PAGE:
Associated Press

Atlanta Revisits 1981 Child Murders



DECATUR, Ga. (AP) - A newly ensconced Dekalb County police chief who was never convinced of Wayne Williams' guilt has reopened five of the 1981 "Atlanta Child Murder" cases.

When Williams was arrested and declared responsible for a two-year killing spree that terrorized Atlanta's black community, Catherine Leach saw no reason to hold her three remaining boys any less close.

Even after the diminutive, bespectacled freelance TV cameraman was convicted of two killings and blamed for nearly two dozen more, Leach could find no rest.

The implication was that Williams - himself black - strangled her 13-year-old son, Curtis Walker, and dumped his body into Atlanta's South River in 1981. But neither Williams nor anyone else was ever tried for Curtis' death.

Police chief Louis Graham hopes his cold-case squad can either confirm or put to rest his gut feeling that Williams is an innocent man.

Ms. Leach shares Graham's belief in Williams' innocence but, to her, this is not about Williams. This is about her son, the boy who said he was going to Hollywood one day and make his momma rich - the boy who snuck off one afternoon to earn money carrying elderly folks' bags at a local Kmart and never came home.

"I'm not doing this or nothing for Wayne Williams," the 55-year-old woman with the careworn face says, slapping her thighs for emphasis. "I don't know if he's innocent or not on those other crimes. All I want is justice for mine."

A climate of terror gripped greater Atlanta from 1979 to 1981.

Back then, Louis Graham was an assistant police chief in neighboring Fulton County. He worked on the task force that investigated the string of killings, which police say eventually numbered 29 - mostly male victims, ranging in age from 8 to 27.

Williams had attended Frederick Douglass High School, where Graham's wife taught, and Graham had met the young man. He knew him as a brash, spoiled kid, but saw no harm in him.

When the serial killing task force focused in on Williams, Graham had deep misgivings. How, he wondered, could such a puny, nerdy guy overpower so many people - some bigger than he - and not ever be seen?

"To me, he's just not the kind that would do something like this," says Graham, a bear of a man with salt-and-pepper hair and mustache. "He wasn't that smart."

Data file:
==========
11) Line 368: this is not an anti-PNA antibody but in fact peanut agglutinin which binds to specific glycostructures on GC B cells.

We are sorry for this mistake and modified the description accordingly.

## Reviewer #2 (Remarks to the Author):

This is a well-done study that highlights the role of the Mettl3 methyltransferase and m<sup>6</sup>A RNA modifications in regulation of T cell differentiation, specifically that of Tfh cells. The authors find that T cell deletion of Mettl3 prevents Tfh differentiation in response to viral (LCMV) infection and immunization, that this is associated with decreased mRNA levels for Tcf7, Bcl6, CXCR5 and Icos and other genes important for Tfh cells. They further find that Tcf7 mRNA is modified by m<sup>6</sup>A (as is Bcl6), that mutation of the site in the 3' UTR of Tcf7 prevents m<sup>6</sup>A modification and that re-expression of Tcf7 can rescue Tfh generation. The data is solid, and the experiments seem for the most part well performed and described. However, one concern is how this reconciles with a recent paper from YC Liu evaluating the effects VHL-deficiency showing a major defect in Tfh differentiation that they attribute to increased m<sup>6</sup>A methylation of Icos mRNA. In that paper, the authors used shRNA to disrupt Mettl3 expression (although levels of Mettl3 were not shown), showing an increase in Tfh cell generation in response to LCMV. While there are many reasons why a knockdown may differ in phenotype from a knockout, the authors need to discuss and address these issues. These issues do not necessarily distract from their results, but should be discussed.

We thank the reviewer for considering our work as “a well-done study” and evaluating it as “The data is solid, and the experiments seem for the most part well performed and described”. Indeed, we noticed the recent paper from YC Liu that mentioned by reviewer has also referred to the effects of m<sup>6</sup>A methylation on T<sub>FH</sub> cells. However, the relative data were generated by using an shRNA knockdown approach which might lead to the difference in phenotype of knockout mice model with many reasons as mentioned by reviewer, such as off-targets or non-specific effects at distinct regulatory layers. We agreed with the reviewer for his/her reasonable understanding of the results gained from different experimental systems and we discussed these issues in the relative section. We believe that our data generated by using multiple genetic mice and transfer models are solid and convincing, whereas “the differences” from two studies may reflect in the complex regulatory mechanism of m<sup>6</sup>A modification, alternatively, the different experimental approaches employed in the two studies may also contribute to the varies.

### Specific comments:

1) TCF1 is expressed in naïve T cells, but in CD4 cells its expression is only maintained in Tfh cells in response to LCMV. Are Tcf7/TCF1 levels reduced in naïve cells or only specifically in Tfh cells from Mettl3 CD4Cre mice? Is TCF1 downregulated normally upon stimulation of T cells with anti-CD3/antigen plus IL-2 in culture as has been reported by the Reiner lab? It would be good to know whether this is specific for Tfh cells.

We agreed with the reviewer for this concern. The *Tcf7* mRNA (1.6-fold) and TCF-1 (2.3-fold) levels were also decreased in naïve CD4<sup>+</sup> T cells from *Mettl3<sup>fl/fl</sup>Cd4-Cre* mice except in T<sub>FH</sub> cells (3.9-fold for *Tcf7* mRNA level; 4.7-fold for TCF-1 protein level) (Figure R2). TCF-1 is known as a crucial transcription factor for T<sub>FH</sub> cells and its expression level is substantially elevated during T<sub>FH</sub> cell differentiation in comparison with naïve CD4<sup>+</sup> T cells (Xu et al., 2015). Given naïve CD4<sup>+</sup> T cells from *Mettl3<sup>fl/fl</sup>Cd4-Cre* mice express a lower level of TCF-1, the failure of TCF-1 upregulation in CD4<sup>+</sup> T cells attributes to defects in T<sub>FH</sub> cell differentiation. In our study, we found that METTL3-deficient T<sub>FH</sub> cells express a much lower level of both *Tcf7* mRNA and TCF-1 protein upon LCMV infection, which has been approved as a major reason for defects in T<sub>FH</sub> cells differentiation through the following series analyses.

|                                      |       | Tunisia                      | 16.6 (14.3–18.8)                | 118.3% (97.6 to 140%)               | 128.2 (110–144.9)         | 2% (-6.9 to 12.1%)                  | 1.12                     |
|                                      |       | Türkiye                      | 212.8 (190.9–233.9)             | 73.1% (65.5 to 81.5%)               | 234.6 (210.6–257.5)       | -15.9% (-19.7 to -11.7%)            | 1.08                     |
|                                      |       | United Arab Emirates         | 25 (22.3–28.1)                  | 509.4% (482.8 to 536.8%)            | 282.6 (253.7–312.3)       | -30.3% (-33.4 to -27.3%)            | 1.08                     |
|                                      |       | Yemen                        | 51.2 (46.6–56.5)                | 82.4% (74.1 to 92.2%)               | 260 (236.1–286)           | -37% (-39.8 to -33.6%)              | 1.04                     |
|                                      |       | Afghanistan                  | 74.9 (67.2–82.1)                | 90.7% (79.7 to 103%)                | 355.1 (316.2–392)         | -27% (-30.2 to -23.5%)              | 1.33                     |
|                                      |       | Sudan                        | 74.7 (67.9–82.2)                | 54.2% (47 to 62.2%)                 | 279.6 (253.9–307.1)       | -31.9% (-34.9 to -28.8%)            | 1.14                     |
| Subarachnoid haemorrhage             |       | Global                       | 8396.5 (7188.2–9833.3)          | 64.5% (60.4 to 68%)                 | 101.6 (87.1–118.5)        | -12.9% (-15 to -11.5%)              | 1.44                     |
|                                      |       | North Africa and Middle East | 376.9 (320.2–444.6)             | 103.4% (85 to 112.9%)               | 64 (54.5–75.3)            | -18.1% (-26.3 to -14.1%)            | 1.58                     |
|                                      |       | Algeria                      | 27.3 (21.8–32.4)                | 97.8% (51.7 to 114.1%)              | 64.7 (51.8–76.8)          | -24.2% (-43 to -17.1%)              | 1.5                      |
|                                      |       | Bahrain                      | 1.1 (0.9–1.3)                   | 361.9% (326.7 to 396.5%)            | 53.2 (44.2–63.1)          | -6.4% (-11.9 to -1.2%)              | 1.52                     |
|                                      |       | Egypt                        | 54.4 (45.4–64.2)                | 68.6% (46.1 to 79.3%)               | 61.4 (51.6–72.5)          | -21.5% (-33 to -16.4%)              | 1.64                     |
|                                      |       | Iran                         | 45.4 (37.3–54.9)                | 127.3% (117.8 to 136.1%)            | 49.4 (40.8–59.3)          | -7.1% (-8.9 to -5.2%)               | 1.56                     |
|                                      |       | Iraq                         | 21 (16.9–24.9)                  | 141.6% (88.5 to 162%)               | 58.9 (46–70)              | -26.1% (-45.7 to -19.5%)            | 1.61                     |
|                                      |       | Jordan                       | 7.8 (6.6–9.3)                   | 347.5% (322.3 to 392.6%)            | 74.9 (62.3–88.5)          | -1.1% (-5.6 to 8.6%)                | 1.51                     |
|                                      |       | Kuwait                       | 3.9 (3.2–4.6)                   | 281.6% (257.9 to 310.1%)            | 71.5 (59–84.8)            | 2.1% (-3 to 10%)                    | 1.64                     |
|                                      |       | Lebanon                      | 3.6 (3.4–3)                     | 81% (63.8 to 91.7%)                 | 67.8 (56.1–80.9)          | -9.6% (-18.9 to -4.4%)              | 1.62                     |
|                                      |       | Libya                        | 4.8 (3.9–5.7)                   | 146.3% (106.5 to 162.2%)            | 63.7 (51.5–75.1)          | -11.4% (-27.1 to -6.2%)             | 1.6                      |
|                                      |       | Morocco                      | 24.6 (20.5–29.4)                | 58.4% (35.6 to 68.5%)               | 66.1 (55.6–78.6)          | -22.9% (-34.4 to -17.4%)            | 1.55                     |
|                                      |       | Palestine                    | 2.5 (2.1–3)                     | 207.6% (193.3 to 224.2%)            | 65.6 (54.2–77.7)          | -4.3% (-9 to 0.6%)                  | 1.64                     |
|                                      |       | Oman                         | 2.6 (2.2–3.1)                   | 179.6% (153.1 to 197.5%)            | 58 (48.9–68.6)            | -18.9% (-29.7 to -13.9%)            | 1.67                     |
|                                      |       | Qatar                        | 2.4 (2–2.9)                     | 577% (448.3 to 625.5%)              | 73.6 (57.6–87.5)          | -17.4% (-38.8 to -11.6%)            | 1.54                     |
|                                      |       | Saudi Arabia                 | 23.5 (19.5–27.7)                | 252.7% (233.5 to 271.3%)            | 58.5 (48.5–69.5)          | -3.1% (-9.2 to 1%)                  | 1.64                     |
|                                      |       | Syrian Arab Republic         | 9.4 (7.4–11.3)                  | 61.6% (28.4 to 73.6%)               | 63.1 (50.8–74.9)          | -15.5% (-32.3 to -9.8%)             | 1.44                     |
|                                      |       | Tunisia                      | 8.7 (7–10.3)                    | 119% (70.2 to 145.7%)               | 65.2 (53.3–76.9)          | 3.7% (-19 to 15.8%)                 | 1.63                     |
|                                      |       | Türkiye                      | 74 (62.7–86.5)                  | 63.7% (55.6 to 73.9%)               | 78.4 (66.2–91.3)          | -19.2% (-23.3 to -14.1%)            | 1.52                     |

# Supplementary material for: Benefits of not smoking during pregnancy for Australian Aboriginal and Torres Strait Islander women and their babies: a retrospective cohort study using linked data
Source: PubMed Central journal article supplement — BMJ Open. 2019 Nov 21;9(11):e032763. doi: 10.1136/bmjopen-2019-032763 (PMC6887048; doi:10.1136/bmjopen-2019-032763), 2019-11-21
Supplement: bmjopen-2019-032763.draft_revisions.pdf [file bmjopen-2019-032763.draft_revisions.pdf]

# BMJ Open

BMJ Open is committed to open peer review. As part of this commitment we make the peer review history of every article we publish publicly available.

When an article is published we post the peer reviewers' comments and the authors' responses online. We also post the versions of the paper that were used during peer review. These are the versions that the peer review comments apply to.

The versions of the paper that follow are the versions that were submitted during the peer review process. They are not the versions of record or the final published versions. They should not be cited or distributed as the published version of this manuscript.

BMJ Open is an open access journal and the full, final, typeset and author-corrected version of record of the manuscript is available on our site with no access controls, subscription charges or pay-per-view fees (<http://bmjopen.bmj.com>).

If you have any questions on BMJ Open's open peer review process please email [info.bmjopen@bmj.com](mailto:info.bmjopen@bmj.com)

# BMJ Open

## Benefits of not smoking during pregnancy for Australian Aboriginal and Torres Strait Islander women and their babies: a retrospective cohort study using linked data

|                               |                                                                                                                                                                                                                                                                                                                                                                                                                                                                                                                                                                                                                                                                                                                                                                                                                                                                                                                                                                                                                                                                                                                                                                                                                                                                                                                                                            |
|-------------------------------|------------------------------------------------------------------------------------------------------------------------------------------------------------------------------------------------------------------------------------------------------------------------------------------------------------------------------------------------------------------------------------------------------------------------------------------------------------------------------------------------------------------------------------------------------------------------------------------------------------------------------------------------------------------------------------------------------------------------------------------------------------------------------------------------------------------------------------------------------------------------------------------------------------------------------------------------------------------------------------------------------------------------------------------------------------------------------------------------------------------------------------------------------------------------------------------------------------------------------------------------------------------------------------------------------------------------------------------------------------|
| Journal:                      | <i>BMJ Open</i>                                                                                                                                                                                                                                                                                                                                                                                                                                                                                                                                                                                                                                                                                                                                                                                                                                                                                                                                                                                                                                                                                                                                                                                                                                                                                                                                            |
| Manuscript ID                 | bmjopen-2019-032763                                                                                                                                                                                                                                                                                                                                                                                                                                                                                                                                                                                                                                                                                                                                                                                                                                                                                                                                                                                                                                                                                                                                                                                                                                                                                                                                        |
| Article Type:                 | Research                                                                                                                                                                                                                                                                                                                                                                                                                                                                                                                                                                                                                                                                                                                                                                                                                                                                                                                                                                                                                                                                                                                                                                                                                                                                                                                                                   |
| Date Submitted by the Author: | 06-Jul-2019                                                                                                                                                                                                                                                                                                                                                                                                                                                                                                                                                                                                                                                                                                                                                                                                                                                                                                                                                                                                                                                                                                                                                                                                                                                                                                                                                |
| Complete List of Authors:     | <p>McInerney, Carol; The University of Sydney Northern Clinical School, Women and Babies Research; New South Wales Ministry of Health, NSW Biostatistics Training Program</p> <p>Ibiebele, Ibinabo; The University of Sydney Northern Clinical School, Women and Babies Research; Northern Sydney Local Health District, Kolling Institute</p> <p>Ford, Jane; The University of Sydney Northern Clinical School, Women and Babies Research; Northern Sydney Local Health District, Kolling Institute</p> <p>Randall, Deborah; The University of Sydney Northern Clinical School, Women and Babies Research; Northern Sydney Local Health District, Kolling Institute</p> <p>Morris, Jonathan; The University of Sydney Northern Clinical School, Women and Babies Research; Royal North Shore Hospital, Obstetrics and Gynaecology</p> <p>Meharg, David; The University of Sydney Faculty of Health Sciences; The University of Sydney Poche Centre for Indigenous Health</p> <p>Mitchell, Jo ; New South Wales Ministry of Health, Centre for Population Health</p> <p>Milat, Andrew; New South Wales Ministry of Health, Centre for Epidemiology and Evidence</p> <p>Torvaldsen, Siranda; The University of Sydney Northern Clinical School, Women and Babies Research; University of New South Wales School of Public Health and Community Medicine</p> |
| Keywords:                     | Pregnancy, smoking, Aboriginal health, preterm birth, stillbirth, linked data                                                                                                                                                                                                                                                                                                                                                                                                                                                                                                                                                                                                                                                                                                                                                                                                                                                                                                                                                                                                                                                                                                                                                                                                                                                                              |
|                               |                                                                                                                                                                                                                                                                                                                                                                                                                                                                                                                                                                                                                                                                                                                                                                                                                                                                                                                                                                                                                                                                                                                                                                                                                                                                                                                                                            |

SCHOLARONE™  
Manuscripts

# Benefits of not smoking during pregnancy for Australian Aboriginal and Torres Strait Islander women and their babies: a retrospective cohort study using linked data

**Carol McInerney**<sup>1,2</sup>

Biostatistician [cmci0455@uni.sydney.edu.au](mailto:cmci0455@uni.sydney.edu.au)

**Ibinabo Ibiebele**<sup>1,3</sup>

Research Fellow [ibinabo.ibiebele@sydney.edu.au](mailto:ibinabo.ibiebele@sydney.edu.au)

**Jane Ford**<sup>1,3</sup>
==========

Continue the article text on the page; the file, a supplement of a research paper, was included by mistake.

But the pressure to find a suspect was enormous. State Rep. Tyrone Brooks remembers then-Vice President George Bush coming to Atlanta and telling local officials that if they couldn't do it, the feds would happily take over.

"I think he (Williams) was too close to the scene too often with his camera," says Brooks, who sometimes helped get civil rights luminaries to appear on the radio show that a teenage Williams broadcast from a station in his garage. "I just think he was a convenient scapegoat."

In 1982, a jury - acting largely on then-cutting edge fiber evidence and testimony about Williams' alleged contempt for poor blacks - convicted Williams of murdering Jimmy Ray Payne, 21, and Nathaniel Cater, 27, and sentenced him to two consecutive life terms. After the trial, officials declared Williams responsible for 22 other deaths.

The cases were closed. But for many, there was no closure.

Five years ago, Graham visited Williams in prison. At the end of the visit, he told Williams to look him in the eye and say he was innocent.

"`To God almighty, I swear ... I didn't do it,"' Graham recalls Williams saying. "And I believe him."

But over the years, as appellate courts repeatedly upheld Williams' convictions, Graham did not act on his misgivings. Even last winter, after he became chief of the jurisdiction where some of the killings occurred, he waited.

It wasn't until February, when Williams granted an interview to local hip-hop radio talk show host Frank Ski, that things began moving. Ski knew of Graham's long-held beliefs, and he contacted the new chief.

Graham says that was the push he needed.

Three of the cases Graham has reopened are among the 10 so-called "pattern cases" prosecutors used to convince the jury that Williams was the serial killer.

"Wayne wasn't defending himself against two murder charges," says defense attorney Michael Lee Jackson, who is now fighting Williams' case in federal court. "He really had to defend himself against 12. But the state only had to prove two of them."